Tuesday, March 13, 2012

Everyone needs a hobby

When I'm not ranting about narrow mindedness and willful ignorance (which I don't do as much as many people would think I do), I like to build and use telescopes. Tonight, I looked at Jupiter (pictured), Mars and Venus. It helps me realize what an amazing world we live on.

Now theists often use this as a jumping off point for talking about how this planet was made for us. But I see it the other way around. This unimaginably vast universe will, somewhere, have stars (or several) that are the right age and temperature so they don't fry their planets with radiation or explode and destroy their planets. Of the billions of planets orbiting hospitable stars, some of those planets will be at the correct distance to allow liquid water to exist on their surfaces. Organic chemistry takes over and life arises on at least one of them. For those of you who might think that the building blocks of life are simply too complex to arise on their own, please note that adenine, cytosine, guanine and thymine have all been detected elsewhere in the universe. These are the four rungs of the DNA ladder. Yes, the stuff of life is out there.

In a universe as huge as this one, life is more or less inevitable. We know because we're here to witness it. A series of fortunate events spun this intricate web of life and we're simply a small thread. Any slight variation in the past and we might have never been. Maybe there would be another sentient form of life on this planet or perhaps sentient life might have never arisen.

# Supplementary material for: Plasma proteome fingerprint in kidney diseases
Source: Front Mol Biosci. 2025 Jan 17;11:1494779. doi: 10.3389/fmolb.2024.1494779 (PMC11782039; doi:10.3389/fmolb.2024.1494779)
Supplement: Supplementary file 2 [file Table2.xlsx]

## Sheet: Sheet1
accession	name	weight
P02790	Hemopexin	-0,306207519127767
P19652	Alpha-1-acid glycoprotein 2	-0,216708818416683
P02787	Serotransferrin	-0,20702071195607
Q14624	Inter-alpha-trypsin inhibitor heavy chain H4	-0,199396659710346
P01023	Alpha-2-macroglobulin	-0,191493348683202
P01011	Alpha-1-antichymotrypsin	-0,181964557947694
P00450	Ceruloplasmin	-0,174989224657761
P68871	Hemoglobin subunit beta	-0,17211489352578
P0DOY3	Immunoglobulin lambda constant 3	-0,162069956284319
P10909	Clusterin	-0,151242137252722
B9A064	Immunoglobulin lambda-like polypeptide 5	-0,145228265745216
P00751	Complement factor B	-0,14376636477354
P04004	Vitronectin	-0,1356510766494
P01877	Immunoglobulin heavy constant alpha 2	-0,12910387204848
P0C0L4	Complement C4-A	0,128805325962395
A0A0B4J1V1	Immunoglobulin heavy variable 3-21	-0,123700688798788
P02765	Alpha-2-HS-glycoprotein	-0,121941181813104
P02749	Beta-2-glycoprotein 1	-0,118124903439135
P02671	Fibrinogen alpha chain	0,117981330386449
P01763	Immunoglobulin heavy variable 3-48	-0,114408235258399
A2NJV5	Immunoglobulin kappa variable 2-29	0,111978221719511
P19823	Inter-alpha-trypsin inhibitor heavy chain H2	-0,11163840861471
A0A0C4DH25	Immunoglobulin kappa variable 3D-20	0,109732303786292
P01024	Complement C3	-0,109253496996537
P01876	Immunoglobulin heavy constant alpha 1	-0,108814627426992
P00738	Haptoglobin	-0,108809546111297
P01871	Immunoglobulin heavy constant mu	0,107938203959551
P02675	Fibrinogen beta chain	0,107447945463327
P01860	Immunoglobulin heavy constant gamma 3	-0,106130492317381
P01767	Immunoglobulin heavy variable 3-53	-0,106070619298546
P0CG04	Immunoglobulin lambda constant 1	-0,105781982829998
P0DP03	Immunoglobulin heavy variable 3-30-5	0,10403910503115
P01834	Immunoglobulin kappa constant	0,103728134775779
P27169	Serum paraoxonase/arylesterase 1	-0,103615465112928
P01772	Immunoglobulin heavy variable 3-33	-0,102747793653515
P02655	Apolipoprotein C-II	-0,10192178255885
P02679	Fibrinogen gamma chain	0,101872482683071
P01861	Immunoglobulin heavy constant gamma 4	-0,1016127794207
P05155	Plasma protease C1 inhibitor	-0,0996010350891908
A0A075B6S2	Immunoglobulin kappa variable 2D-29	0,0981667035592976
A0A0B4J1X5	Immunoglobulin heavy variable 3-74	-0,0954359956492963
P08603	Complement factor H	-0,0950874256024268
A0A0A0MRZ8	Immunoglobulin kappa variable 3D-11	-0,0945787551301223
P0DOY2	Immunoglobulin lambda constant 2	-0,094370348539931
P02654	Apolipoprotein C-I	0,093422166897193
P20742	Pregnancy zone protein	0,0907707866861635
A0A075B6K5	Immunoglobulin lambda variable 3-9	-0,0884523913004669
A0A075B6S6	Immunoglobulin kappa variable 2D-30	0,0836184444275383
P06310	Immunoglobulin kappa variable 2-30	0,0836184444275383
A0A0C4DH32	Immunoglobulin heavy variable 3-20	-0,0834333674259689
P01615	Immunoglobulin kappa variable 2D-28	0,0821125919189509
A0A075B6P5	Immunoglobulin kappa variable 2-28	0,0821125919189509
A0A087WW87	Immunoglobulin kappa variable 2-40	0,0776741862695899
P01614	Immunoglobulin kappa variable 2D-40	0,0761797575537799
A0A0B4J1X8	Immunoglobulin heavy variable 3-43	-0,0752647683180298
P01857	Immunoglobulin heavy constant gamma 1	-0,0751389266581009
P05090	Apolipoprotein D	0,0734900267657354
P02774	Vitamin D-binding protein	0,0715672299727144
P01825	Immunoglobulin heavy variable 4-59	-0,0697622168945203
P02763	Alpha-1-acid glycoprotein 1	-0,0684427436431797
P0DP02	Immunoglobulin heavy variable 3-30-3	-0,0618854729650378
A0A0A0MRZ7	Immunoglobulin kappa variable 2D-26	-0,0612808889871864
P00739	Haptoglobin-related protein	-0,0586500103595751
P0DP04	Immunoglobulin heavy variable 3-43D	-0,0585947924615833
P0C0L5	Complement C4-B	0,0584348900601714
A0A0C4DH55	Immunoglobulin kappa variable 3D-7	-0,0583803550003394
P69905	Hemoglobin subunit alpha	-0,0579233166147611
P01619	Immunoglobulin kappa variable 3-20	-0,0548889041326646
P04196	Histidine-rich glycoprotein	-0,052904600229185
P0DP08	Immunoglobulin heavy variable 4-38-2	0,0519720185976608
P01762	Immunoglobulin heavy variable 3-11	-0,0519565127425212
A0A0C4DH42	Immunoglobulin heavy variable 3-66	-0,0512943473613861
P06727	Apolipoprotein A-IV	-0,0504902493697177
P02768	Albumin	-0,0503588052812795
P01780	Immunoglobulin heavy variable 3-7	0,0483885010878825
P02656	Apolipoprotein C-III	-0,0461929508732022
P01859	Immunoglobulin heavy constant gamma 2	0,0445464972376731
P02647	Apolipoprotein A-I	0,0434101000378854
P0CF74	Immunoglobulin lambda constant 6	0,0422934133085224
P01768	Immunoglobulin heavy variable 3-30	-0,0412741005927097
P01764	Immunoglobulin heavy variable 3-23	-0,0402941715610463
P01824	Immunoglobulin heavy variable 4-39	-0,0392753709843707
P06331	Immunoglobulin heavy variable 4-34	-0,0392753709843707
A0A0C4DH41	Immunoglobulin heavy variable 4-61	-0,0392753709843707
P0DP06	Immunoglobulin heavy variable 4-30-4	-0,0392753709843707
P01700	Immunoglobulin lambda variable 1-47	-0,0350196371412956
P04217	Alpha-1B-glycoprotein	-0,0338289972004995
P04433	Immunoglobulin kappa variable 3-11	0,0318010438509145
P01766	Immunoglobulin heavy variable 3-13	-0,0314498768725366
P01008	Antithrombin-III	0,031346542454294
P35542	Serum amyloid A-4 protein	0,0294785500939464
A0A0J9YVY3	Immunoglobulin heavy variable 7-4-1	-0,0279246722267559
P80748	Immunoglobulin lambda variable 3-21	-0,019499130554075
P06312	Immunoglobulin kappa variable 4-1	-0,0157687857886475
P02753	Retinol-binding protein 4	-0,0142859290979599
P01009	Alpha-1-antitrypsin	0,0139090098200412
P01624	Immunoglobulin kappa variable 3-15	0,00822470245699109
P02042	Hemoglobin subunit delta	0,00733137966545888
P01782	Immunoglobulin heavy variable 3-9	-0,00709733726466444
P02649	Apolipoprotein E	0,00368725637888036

The carbon in my cells, the iron in my blood and the calcium in my bones all formed inside the cores of stars eons ago. Those stars started as simple hydrogen but through the process of nuclear fusion, they built heavier and heavier atoms. When they died, those stars spilled those atoms into the cosmos. Clouds of these atoms coalesced, condensed and formed new stars and planets. One of those planets was Earth. Life arose on this planet. That life evolved into different forms over the millennia. Some of those forms went extinct. Those most capable of reproducing through some advantage (speed, stealth, agility, camouflage, etc.) gave birth to offspring that carried those same genetic traits for survival. Some of them took to the trees and developed stereoscopic vision. They were intelligent, fast and agile. Eventually, their descendants left the trees and started to walk upright, an advantage when trying to avoid predators. This freed their front limbs and they started making tools, Food became more plentiful which provided the fuel for bigger brains. They spanned the globe, developing language, art and culture. Finally, one of those cousins to the apes sat and wrote this blog.

I look to the stars and see my very distant cousins. I know that they're made of the same things I am. I know that eventually I'll die and, long after, this planet will die. The atoms that make up the Earth (and me) will return to the universe to form new stars and planets.

How wondrous, elegant and grand. Religions made up by humans pale next to this.